Crescent Seedling

This new variety from New Orleans has, in my garden - this its first season of bearing north - proved a perfect failure.' The plants are very strong and vigorous; the blossoms large and distinctly staminate; the berry of rather light color, nearly round, of rich, high flavor when ripe, but a moderate bearer, and no appearance, thus far this season, of prolonging the season of strawberries north, as it has ceased bearing.

Crescent Seedling Strawberry

Editor Hort: In answer to numerous inquiries per mail, permit me to say the "Crescent Seed ling" Strawberry plants, can be obtained of the originator, Henry Lawrence Esq., 3d Municipality, New-Orleans, at $8.00 per 100.

Mr. Lawrence writes me, under date of the 7th inst., saying, " I have had strawberries on my table since the 4th of January last, And at the present time have them in the greatest abun-dance, the average weight being one ounce, and about three inches in circumference; this will continue without intermission, until the middle of August".

As soon as my plants exhibit their habit of bearing in this northern climate, I will report the same to your readers. R. 6. Pardee. Palmyra, N. Y., April 16,1852.


Wc first saw this grape in Philadelphia at the Pomological Society, and subsequently received a box of it from Mr. Goodwin, of Kingston, Pa., from a bunch of which our engraving was made. This grape resembles somewhat the Isabella, but is still quite distinct from it. The bunch is rather narrower, the coloring matter of the skin is of a deep purple, the berries are covered with a thick bloom, and it ripens much earlier. It is a sweet and pleasant grape, and of value for its early maturity.

The Creveling Grape

We expected to have presented the Creveling grape last month as a frontispiece, but it was destroyed by fire, and could not be reproduced in time. As an early grape, the Creveling deserves much consideration, especially in localities where but one or two of our best varieties will mature. It is equal to the Isabella, and at least as early as the Hartford Prolific. It has less of the native aroma, and does not drop its fruit like the latter. During the cold winter of 1860-1 we found it among the hardiest of vines, and we think it will take a wide range of latitude.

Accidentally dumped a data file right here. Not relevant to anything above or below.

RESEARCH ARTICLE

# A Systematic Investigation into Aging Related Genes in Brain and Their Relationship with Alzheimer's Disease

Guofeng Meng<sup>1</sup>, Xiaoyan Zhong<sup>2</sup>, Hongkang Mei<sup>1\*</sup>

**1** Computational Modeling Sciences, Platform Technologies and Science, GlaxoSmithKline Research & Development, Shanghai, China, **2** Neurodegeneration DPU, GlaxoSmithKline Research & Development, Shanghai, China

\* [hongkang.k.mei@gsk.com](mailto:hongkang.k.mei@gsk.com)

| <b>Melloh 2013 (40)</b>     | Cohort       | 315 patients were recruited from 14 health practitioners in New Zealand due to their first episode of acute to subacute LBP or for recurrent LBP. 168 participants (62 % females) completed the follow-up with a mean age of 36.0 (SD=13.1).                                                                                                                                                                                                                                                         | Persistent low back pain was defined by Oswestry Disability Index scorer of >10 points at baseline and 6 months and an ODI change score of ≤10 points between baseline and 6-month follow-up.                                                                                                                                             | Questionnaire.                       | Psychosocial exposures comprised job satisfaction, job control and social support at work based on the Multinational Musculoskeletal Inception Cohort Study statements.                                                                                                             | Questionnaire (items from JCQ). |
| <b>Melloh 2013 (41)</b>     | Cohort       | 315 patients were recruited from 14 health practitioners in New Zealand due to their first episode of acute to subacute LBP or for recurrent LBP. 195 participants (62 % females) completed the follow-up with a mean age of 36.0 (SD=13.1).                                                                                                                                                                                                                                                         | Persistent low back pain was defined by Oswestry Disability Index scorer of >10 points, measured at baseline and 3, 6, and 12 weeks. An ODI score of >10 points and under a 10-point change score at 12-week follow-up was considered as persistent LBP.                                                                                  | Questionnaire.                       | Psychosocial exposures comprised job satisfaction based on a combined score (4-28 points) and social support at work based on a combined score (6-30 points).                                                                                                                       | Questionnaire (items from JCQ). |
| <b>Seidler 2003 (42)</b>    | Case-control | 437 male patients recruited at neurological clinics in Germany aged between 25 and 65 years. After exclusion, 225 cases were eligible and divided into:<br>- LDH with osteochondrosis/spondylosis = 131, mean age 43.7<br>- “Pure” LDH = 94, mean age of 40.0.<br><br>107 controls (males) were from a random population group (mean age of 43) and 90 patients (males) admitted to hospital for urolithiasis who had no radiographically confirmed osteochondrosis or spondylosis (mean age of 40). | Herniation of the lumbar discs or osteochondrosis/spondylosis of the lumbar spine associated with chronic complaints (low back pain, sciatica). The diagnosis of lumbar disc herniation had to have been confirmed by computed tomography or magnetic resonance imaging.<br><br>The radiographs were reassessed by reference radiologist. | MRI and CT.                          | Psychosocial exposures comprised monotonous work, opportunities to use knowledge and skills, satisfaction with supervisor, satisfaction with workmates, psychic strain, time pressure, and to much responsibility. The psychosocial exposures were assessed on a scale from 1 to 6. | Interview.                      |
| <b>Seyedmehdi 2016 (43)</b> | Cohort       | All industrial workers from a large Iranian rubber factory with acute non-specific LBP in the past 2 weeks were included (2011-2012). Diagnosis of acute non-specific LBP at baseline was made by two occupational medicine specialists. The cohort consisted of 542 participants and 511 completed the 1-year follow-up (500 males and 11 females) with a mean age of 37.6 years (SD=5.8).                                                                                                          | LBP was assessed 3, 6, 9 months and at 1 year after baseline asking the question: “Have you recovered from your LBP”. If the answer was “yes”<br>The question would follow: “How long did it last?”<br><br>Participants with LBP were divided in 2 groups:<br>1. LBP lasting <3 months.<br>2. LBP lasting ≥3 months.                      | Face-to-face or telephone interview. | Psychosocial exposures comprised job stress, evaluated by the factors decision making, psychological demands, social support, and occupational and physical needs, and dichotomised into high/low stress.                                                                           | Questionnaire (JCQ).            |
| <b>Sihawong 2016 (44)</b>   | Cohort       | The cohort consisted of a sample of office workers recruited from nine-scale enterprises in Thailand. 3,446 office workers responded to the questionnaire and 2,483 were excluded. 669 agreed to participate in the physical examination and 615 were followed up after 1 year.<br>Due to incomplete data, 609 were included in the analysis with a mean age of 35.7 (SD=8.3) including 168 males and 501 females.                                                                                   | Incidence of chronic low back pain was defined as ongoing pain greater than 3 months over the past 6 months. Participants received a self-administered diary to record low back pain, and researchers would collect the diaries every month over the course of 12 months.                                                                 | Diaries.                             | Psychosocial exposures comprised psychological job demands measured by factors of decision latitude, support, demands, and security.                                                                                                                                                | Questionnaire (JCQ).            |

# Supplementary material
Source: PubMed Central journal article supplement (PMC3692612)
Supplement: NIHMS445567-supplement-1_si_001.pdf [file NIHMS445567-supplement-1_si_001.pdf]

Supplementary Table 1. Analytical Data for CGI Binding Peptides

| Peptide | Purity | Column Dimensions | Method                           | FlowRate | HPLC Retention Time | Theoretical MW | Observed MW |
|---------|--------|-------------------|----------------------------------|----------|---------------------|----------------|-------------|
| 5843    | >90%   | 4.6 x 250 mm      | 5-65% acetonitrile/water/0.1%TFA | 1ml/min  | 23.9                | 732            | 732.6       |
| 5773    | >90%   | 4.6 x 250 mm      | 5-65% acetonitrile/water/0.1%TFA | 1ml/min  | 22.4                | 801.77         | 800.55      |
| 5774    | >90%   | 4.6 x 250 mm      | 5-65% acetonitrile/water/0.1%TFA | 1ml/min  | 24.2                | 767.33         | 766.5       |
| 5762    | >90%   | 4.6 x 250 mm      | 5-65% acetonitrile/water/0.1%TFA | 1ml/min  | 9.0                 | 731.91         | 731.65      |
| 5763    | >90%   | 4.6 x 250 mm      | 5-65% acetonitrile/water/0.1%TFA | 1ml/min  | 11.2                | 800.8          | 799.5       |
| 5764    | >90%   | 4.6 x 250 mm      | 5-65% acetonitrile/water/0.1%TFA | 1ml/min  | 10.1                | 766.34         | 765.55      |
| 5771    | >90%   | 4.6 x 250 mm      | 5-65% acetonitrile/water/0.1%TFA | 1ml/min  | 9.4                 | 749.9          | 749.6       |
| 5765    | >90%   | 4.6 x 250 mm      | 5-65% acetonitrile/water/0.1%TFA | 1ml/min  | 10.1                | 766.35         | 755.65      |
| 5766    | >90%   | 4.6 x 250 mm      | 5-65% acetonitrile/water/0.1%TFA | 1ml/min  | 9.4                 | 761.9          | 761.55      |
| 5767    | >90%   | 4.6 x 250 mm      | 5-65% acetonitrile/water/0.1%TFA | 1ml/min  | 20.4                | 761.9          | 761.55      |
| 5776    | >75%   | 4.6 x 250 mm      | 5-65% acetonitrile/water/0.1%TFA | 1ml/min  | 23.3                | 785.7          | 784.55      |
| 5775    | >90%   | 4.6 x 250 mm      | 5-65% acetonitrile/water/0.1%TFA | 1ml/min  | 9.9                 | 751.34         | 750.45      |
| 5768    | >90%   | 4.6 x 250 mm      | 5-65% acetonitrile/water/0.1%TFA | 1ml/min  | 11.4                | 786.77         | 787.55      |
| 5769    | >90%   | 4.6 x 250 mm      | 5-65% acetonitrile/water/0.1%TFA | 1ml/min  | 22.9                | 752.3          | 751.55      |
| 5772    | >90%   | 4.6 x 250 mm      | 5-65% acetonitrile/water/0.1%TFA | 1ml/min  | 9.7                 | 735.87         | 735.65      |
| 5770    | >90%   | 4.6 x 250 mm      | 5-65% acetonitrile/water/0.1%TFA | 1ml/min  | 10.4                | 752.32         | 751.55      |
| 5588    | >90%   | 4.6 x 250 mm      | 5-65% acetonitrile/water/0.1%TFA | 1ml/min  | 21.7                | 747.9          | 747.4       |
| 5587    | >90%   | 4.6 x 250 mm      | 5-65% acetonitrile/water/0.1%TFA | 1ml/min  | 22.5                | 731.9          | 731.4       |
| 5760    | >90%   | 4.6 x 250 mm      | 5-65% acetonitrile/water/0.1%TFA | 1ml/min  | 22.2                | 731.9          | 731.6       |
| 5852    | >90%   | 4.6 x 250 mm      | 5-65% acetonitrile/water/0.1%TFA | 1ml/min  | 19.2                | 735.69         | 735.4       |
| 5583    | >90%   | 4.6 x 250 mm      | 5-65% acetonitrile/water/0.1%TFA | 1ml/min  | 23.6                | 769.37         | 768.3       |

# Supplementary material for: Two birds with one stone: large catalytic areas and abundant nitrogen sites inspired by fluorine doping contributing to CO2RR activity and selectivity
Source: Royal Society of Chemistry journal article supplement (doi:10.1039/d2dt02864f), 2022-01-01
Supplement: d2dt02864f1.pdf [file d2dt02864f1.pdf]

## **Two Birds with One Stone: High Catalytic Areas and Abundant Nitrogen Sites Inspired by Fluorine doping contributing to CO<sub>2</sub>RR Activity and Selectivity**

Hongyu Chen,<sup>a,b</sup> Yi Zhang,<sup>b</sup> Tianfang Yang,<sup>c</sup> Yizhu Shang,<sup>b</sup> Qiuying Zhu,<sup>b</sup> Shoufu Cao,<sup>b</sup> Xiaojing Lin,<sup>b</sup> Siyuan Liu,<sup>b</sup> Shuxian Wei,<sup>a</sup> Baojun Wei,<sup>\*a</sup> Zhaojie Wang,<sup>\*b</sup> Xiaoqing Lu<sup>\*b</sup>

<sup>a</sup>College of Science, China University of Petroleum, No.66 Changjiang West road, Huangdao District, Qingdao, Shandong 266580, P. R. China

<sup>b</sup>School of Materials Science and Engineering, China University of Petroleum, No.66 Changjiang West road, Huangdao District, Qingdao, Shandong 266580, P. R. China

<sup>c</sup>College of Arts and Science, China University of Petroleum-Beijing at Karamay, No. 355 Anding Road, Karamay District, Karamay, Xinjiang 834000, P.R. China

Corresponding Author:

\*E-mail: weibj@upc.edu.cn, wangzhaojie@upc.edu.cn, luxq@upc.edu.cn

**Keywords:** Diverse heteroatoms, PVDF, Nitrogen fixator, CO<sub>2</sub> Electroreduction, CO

The Crocus

These are generally too much crowded in pot culture; a single root put in a small pot, will give a dozen fine flowers at least, expanded at the same time, of larger size than will be got from three roots in the tame size pot. Those who doubt this, have only to make the experiment to be convinced. But these and Hyacinths or Tulips grown in pots, should as soon as potted be plunged under coal ashes, saw-dust or old tan, for six weeks. This may be done in a cellar or out house, and they can then be taken out any time during winter, and be forwarded to bloom in a green-house, or sitting-room.

Crotcher Apple

We have received specimens of this apple from 8. E. Thompson, Esq., Vienna, Dorchester County, Md. It is said to have originated in that county, but it is not known by whom. We do not recognize the fruit as any variety heretofore noticed. Fruit, medium size, oblate conic, flattened at base and crown, slightly angular; skin whitish, somewhat waxen, sometimes with a slight blush, and thinly sprinkled with light and green dots; stalk short, set in a large, deep cavity, slightly russeted; calyx closed; segments medium length, erect or slightly recurved; basin rather large, abrupt, slightly uneven; flesh whitish, crisp, tender, juicy, with a refreshing sub-acid flavor; quality very good; ripe 1st to 10th of August, or ten or twelve days after early harvest.

Crotcher Apple 2200165

Pig. 164.